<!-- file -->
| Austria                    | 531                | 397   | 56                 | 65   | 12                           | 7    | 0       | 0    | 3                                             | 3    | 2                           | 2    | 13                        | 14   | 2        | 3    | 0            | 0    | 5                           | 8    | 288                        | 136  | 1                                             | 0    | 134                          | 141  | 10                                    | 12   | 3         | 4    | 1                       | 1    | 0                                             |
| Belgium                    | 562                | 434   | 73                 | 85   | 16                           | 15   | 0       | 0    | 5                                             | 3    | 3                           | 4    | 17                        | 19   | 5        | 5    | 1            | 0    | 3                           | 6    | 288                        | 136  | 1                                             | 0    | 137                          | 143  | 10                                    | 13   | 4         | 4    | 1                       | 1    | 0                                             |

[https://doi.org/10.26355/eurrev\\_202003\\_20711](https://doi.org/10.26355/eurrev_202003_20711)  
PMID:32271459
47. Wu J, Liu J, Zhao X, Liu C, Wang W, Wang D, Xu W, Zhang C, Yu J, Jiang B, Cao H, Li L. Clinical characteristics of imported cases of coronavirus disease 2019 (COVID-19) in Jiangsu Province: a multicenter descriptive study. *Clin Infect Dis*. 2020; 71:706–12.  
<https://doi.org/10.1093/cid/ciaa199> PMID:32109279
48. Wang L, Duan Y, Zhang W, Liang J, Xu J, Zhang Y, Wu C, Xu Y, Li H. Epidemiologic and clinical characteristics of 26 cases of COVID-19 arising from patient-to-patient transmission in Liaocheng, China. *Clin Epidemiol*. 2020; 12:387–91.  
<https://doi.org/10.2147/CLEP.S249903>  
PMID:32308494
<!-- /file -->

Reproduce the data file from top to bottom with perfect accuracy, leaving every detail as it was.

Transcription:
| Austria                    | 531                | 397   | 56                 | 65   | 12                           | 7    | 0       | 0    | 3                                             | 3    | 2                           | 2    | 13                        | 14   | 2        | 3    | 0            | 0    | 5                           | 8    | 288                        | 136  | 1                                             | 0    | 134                          | 141  | 10                                    | 12   | 3         | 4    | 1                       | 1    | 0                                             |
| Belgium                    | 562                | 434   | 73                 | 85   | 16                           | 15   | 0       | 0    | 5                                             | 3    | 3                           | 4    | 17                        | 19   | 5        | 5    | 1            | 0    | 3                           | 6    | 288                        | 136  | 1                                             | 0    | 137                          | 143  | 10                                    | 13   | 4         | 4    | 1                       | 1    | 0                                             |

[https://doi.org/10.26355/eurrev\\_202003\\_20711](https://doi.org/10.26355/eurrev_202003_20711)  
PMID:32271459
47. Wu J, Liu J, Zhao X, Liu C, Wang W, Wang D, Xu W, Zhang C, Yu J, Jiang B, Cao H, Li L. Clinical characteristics of imported cases of coronavirus disease 2019 (COVID-19) in Jiangsu Province: a multicenter descriptive study. *Clin Infect Dis*. 2020; 71:706–12.  
<https://doi.org/10.1093/cid/ciaa199> PMID:32109279
48. Wang L, Duan Y, Zhang W, Liang J, Xu J, Zhang Y, Wu C, Xu Y, Li H. Epidemiologic and clinical characteristics of 26 cases of COVID-19 arising from patient-to-patient transmission in Liaocheng, China. *Clin Epidemiol*. 2020; 12:387–91.  
<https://doi.org/10.2147/CLEP.S249903>  
PMID:32308494